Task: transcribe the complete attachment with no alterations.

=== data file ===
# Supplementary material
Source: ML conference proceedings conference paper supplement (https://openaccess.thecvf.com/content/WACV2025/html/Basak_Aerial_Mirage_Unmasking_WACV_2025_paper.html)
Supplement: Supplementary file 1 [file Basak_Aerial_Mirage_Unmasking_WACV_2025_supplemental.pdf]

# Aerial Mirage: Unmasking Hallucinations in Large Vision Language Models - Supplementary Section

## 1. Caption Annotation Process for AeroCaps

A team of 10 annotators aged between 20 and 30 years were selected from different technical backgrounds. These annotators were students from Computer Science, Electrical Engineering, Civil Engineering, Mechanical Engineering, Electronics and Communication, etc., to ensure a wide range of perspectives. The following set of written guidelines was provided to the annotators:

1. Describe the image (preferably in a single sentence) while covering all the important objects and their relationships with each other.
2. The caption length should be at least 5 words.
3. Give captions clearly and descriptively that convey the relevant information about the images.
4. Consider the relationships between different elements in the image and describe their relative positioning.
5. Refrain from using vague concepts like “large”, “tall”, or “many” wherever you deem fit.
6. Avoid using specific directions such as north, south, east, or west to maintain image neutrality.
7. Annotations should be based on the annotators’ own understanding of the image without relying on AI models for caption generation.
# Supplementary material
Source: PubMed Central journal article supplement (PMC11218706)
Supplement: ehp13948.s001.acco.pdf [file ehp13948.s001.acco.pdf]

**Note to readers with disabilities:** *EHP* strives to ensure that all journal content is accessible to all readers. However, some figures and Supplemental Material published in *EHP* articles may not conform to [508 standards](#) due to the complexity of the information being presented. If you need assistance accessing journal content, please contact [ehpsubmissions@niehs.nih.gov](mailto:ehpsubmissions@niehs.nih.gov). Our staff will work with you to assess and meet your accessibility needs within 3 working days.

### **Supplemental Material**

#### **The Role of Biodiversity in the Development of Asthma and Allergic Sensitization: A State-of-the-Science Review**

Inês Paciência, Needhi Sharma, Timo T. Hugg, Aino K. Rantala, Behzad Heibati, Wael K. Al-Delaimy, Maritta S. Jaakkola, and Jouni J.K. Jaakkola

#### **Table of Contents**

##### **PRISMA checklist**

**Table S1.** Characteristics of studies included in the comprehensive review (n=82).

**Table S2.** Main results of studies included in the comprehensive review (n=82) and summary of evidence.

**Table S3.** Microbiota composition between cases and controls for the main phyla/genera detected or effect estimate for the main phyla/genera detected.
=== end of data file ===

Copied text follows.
# Supplementary material
Source: ML conference proceedings conference paper supplement (https://openaccess.thecvf.com/content/WACV2025/html/Basak_Aerial_Mirage_Unmasking_WACV_2025_paper.html)
Supplement: Supplementary file 1 [file Basak_Aerial_Mirage_Unmasking_WACV_2025_supplemental.pdf]

# Aerial Mirage: Unmasking Hallucinations in Large Vision Language Models - Supplementary Section

## 1. Caption Annotation Process for AeroCaps

A team of 10 annotators aged between 20 and 30 years were selected from different technical backgrounds. These annotators were students from Computer Science, Electrical Engineering, Civil Engineering, Mechanical Engineering, Electronics and Communication, etc., to ensure a wide range of perspectives. The following set of written guidelines was provided to the annotators:

1. Describe the image (preferably in a single sentence) while covering all the important objects and their relationships with each other.
2. The caption length should be at least 5 words.
3. Give captions clearly and descriptively that convey the relevant information about the images.
4. Consider the relationships between different elements in the image and describe their relative positioning.
5. Refrain from using vague concepts like “large”, “tall”, or “many” wherever you deem fit.
6. Avoid using specific directions such as north, south, east, or west to maintain image neutrality.
7. Annotations should be based on the annotators’ own understanding of the image without relying on AI models for caption generation.
# Supplementary material
Source: PubMed Central journal article supplement (PMC11218706)
Supplement: ehp13948.s001.acco.pdf [file ehp13948.s001.acco.pdf]

**Note to readers with disabilities:** *EHP* strives to ensure that all journal content is accessible to all readers. However, some figures and Supplemental Material published in *EHP* articles may not conform to [508 standards](#) due to the complexity of the information being presented. If you need assistance accessing journal content, please contact [ehpsubmissions@niehs.nih.gov](mailto:ehpsubmissions@niehs.nih.gov). Our staff will work with you to assess and meet your accessibility needs within 3 working days.

### **Supplemental Material**

#### **The Role of Biodiversity in the Development of Asthma and Allergic Sensitization: A State-of-the-Science Review**

Inês Paciência, Needhi Sharma, Timo T. Hugg, Aino K. Rantala, Behzad Heibati, Wael K. Al-Delaimy, Maritta S. Jaakkola, and Jouni J.K. Jaakkola

#### **Table of Contents**

##### **PRISMA checklist**

**Table S1.** Characteristics of studies included in the comprehensive review (n=82).

**Table S2.** Main results of studies included in the comprehensive review (n=82) and summary of evidence.

**Table S3.** Microbiota composition between cases and controls for the main phyla/genera detected or effect estimate for the main phyla/genera detected.